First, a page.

Martinez works to inspire others to pursue their dreams

· 5 min read

Martinez works to inspire others to pursue their dreams

Alex smiles for a photo on the Scott Campus
Alex Martinez smiles for a photo on the Scott Campus

Editor’s Note — This is part of a weekly student conversation series highlighted as part of Hispanic Heritage Month on the University of Nebraska–Lincoln’s Medium page. The series will feature students who are making impacts on campus and beyond. This week, hear from Alex Martinez, a junior civil engineering major from Columbus, Nebraska. Through his work and involvements, he is looking to inspire others to find their passion and pursue their dreams.

How did you choose your major?

Since I was young, I was fascinated with building anything I could get my hands on, such as Legos and Lincoln Logs. Although I was always interested in my STEM courses in high school, I didn’t know I wanted to major in civil engineering until my senior year of high school. It was at that point that I had a strong support system that inspired and motivated me to pursue a career in civil engineering. I became intentional about learning more about engineering to understand the design process for vertical and horizontal construction. The most satisfying part about civil engineering for me is seeing a project throughout the various phases and delivering a reliable project to the community. I am passionate about learning more about civil engineering practices and I look forward to applying my knowledge to real-life projects.

You’re really involved on campus — from the Multicultural Engineering Program to the American Society of Civil Engineers — and are in leadership positions for Latinos in STEM and Engineering Living Learning Community. Why was getting involved important for you and what have you gained from these experiences?

From the moment I stepped foot on campus, I knew I wanted to become involved in student organizations to create a greater sense of community and support. Throughout my past two years, my involvement has led me to assume more leadership roles. It has allowed me to create a close bond with my peers and I have genuinely enjoyed my time as president for the Engineering Living Learning Community and vice resident of communications for Latinos in STEM. I have gained experience managing large groups of people, creating events and improving my non-technical skills. Additionally, other groups such as the American Society of Civil Engineers and the Concrete Canoe team has allowed me to expand my technical knowledge about engineering. More importantly, I have made numerous valuable friendships.

Were you intentional about joining groups like LSTEM and the Multicultural Engineering Program?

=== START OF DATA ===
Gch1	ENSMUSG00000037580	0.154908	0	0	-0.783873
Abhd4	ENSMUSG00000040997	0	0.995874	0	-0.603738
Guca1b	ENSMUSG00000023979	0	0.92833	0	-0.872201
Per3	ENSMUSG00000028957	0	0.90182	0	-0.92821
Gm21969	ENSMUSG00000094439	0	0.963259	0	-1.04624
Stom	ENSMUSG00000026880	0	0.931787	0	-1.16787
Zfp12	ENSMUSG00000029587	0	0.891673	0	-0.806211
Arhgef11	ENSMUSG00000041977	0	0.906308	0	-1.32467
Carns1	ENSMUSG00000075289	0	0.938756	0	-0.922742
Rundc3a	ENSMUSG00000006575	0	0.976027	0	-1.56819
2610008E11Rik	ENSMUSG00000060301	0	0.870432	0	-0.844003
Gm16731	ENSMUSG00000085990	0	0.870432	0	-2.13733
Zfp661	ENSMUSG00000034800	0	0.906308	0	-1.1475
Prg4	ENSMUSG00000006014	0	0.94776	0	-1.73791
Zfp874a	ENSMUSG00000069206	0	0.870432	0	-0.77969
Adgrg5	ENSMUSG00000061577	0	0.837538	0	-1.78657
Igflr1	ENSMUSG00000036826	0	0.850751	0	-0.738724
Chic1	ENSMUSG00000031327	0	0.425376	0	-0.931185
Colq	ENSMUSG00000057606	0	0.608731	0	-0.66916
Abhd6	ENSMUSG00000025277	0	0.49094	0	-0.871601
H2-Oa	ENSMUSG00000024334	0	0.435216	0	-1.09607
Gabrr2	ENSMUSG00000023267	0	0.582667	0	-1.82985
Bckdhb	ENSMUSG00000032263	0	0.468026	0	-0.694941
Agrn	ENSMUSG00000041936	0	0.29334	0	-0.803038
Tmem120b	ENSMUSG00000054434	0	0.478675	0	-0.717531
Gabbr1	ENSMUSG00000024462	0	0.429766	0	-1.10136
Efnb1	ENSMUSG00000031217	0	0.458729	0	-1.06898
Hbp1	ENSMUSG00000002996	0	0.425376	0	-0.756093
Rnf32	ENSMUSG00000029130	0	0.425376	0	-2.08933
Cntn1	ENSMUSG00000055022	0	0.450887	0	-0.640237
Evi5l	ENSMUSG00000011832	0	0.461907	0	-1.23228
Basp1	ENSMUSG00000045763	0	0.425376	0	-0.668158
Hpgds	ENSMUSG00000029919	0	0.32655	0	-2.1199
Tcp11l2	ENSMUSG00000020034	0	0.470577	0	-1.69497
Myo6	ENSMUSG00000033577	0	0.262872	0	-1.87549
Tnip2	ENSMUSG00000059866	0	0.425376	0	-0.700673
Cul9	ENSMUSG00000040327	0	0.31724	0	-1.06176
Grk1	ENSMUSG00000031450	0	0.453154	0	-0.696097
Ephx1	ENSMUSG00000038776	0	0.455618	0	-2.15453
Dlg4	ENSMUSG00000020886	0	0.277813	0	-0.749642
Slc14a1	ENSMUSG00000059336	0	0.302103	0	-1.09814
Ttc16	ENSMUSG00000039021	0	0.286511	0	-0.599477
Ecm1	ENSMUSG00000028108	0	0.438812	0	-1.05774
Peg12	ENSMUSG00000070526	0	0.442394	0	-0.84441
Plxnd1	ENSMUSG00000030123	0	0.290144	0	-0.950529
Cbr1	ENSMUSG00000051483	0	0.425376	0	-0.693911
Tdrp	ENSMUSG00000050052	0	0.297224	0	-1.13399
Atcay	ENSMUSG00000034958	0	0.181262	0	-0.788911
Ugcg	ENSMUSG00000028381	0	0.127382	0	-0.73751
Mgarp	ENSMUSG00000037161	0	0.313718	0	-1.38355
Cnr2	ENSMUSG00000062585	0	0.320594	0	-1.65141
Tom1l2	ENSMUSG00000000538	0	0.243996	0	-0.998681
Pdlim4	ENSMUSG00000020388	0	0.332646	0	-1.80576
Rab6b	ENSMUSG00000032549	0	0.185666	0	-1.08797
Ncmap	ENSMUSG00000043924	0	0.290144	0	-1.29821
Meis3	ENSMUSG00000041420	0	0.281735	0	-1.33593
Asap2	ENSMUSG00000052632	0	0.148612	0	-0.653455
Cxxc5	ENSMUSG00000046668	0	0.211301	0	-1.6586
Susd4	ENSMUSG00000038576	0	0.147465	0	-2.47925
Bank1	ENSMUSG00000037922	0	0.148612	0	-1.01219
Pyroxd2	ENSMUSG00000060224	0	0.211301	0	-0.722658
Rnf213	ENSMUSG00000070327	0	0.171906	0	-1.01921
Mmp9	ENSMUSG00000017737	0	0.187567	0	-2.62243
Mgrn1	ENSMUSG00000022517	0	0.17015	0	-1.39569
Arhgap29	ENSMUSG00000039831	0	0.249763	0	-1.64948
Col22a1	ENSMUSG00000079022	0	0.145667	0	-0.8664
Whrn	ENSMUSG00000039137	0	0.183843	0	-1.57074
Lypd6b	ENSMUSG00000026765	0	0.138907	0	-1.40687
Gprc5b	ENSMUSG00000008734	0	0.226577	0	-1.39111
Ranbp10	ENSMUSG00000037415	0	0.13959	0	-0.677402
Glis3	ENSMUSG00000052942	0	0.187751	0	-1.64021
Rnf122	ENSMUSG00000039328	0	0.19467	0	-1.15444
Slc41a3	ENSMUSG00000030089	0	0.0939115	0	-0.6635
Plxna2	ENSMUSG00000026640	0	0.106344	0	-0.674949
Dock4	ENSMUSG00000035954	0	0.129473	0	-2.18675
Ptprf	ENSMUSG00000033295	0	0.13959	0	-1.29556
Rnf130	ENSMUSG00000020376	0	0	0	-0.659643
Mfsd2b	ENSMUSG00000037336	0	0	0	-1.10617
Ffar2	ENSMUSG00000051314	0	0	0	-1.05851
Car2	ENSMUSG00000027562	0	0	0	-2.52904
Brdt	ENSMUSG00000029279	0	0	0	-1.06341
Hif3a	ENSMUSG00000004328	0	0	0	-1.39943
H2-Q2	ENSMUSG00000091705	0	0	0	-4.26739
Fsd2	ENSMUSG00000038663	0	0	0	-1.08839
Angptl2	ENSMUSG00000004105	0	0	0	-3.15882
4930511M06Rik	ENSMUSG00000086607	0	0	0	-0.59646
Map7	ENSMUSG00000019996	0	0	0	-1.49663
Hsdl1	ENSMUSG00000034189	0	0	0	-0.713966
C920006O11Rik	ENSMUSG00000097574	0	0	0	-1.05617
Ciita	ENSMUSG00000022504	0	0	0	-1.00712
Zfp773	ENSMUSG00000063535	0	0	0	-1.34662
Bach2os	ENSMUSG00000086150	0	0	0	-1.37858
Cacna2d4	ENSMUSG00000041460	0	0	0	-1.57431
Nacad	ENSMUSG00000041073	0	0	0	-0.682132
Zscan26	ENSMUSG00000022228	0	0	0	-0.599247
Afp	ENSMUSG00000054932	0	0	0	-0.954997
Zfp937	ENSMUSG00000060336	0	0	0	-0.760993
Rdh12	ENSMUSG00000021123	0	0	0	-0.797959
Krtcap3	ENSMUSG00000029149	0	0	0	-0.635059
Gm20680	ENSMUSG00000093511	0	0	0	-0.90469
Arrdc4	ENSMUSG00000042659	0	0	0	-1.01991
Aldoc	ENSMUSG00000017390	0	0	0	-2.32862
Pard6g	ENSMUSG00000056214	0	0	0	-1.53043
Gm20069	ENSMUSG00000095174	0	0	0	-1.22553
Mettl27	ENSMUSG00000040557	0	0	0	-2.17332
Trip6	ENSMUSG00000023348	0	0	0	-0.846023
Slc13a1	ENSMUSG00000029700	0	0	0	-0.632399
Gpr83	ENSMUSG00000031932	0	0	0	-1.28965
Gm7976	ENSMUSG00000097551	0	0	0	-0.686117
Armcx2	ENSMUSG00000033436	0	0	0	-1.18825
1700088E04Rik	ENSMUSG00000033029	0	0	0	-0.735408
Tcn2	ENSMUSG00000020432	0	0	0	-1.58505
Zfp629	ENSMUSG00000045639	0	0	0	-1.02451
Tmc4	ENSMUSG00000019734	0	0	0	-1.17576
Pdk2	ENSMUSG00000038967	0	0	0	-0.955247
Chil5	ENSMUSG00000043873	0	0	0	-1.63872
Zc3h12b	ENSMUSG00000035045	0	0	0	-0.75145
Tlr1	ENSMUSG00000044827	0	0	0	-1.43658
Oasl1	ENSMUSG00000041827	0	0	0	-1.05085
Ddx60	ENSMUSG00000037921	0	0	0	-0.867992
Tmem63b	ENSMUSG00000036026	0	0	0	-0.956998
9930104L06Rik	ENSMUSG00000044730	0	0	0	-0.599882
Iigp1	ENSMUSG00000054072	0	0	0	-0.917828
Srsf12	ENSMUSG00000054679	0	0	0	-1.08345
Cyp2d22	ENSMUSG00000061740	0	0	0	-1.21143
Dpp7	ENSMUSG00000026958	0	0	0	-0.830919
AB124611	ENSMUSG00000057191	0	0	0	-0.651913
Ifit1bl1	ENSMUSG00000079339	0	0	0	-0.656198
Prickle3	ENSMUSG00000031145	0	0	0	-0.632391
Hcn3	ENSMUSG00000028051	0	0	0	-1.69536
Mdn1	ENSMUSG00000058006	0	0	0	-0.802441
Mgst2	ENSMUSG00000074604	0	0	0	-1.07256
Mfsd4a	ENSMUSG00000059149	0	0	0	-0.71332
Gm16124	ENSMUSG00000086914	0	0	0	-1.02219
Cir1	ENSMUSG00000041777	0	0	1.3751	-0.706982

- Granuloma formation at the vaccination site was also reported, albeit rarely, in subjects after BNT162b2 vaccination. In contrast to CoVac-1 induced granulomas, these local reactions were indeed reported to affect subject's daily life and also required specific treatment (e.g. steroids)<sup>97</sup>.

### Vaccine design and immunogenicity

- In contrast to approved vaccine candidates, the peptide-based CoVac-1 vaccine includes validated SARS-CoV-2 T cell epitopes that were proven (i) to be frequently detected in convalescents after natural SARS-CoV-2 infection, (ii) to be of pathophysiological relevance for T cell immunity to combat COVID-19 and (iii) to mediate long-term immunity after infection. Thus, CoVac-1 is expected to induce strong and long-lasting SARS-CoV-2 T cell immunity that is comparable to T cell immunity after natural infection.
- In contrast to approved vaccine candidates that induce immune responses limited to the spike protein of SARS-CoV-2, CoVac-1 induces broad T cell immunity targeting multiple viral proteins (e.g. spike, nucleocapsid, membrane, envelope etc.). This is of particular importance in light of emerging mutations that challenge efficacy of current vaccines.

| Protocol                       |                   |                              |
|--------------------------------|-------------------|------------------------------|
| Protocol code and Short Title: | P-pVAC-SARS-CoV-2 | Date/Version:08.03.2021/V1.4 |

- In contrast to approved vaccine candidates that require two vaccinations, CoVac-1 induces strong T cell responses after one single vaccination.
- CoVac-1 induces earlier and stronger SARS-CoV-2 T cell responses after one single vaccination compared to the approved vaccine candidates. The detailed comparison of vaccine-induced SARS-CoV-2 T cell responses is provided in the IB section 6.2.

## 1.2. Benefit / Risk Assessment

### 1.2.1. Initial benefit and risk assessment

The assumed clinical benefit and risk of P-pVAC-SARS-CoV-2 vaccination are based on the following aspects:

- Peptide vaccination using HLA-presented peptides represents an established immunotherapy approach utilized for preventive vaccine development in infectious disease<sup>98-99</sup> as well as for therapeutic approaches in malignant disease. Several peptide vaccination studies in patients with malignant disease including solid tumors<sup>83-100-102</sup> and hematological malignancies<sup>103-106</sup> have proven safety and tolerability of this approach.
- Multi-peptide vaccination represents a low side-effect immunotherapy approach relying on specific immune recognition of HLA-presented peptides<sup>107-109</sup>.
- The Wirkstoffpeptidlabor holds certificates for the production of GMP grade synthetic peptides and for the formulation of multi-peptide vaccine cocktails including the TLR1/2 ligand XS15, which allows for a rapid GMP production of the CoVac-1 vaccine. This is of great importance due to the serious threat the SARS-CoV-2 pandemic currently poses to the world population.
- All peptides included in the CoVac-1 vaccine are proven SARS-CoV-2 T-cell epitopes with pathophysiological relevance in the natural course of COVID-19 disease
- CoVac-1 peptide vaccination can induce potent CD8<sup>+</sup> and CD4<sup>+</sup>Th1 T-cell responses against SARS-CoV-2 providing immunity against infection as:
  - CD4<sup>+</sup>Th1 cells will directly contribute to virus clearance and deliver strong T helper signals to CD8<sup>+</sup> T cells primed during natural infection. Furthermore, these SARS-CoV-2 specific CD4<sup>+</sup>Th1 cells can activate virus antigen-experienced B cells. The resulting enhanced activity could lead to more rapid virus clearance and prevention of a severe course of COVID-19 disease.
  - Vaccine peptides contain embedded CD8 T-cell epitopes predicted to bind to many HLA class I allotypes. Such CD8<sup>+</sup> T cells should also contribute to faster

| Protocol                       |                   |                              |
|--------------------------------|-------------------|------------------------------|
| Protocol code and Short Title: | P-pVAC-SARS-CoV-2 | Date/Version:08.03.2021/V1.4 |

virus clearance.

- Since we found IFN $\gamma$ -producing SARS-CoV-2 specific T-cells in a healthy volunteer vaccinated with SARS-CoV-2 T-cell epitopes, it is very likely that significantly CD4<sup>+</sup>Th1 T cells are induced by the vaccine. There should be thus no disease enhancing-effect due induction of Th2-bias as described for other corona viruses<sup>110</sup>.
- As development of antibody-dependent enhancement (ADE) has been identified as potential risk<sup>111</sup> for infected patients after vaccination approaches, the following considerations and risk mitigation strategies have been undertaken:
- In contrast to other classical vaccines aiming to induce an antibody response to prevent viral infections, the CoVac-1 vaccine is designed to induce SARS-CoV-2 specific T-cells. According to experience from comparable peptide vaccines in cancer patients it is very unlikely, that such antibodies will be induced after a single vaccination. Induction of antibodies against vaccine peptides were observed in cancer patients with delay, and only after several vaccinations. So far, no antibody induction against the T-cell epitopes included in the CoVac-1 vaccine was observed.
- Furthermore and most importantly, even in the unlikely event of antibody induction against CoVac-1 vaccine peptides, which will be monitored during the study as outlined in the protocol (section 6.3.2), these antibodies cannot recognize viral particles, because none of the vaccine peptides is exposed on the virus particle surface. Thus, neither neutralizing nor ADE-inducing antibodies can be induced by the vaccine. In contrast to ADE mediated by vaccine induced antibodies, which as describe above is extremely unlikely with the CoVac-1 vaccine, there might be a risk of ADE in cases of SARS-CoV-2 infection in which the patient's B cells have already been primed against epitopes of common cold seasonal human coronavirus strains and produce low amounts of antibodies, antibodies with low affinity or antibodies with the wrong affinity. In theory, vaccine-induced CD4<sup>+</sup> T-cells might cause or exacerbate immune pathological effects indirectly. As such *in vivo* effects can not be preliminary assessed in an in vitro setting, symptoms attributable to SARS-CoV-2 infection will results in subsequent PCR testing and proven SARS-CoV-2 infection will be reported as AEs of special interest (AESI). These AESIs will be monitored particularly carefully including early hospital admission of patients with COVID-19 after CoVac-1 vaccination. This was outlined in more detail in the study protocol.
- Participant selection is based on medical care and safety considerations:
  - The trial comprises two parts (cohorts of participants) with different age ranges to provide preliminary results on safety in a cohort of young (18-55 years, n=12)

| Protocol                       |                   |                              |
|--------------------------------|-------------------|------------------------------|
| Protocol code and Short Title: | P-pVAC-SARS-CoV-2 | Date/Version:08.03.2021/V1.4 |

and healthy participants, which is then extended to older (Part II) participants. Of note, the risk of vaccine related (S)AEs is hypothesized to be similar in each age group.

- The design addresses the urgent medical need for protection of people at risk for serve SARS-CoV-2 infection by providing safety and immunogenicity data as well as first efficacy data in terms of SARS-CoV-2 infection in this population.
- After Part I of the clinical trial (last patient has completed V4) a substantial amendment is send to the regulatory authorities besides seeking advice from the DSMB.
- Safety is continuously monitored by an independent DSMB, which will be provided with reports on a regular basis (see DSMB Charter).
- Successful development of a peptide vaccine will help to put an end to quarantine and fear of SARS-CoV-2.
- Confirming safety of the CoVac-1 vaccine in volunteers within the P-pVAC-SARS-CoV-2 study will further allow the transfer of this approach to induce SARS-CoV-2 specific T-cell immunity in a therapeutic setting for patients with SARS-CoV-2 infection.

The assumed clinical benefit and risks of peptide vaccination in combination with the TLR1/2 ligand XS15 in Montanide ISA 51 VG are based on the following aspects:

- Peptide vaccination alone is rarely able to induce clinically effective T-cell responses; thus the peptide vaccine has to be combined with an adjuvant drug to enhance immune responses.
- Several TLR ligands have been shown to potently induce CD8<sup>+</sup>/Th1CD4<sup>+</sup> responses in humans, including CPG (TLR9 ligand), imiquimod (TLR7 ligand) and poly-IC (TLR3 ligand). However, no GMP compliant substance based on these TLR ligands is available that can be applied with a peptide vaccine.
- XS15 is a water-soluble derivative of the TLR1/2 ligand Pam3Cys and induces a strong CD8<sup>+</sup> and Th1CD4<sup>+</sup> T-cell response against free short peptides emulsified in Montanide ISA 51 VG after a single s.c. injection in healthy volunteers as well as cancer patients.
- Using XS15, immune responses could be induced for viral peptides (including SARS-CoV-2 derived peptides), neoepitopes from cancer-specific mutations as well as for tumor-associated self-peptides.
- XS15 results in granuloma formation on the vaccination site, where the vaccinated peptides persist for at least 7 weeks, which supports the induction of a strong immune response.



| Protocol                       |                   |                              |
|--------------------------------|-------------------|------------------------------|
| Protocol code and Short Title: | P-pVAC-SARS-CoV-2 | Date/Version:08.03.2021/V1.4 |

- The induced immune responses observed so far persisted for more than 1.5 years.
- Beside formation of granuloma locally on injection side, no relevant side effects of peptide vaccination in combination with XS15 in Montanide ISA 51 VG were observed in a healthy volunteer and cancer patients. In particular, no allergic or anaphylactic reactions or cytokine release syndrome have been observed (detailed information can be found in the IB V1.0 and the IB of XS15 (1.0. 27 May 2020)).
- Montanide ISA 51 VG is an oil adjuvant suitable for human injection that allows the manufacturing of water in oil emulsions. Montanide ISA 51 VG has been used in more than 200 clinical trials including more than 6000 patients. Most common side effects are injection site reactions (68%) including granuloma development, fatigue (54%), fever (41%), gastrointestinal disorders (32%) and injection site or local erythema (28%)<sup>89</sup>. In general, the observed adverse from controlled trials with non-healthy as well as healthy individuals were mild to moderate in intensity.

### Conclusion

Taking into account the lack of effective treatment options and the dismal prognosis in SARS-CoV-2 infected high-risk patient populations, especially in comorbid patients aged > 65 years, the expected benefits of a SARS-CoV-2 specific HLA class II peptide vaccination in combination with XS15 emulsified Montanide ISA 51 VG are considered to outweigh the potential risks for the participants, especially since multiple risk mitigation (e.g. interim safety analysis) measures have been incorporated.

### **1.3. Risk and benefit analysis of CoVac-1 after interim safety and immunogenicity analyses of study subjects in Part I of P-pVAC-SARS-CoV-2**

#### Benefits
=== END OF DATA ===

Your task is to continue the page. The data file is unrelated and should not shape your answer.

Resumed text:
As a Mexican American engineering student, I knew that I would not be able to relate to some of my peers from a cultural perspective, therefore, I was intentional about joining groups that shared similar backgrounds as myself. Latinos in STEM and the Multicultural Engineering Program are organizations that strive to engage underrepresented groups in engineering. They have helped me form friendships with people from different cultures and allowed me to engage with my own roots and traditions. Having the opportunity to help lead LSTEM has allowed me to continue promoting it as an inclusive and welcoming organization, regardless of cultural background. I have enjoyed organizing events that reflect my own traditions and informing others about their importance.

Talk about your experience as a Buffett-Thompson Scholar. How has being part of this community changed your college experience?

As a first-generation college student, the college process and experience were completely new and intimidating. I did not know what to expect from college or if I would ever become comfortable away from my family. Fortunately, the college transition was easier with the help of the Buffett-Thompson Community. Throughout my time at college, I enjoy interacting with the community because there are things and experiences only a particular group can relate to. I have received overwhelming support from this program which contributes to my attitude, character, and continued success. I am extremely grateful to be part of such a healthy and supportive community.

Is there anything you hope to accomplish in your lifetime?

There are many things I want to accomplish but there is one goal that encompasses many smaller ones — I want to inspire others to find their passion and pursue their dreams. Everyone deserves to live their life doing something they love, and I want to help others reach that point. I enjoy helping others and I hope to be a role model for others in the future.

What or who inspires you?

I owe my success to many people including high school teachers, friends, and family but my main inspiration are my parents. They have taught me everything I know today, and they have shaped my values and morals. I look up to them because they have sacrificed their life for my sister and me — that is something I will never be able to pay back but I will try. They help me push through obstacles and I work hard to make their sacrifices worth it.

What is your advice to other students looking to make an impact on campus?

My biggest piece of advice to students willing to make an impact on their community is to not be afraid of initiation. It can be uncomfortable or scary to seek new adventures, but it is only in these situations where you will grow as a person and as a leader. As a first-generation student, initiation in college was difficult but it is attainable and will put you in a better position to achieve your goals. It will open doors to opportunities and allow you to view other peoples’ perspectives. Equally important, you will be able to connect with people on a personal level and engage in work that will positively affect your community.

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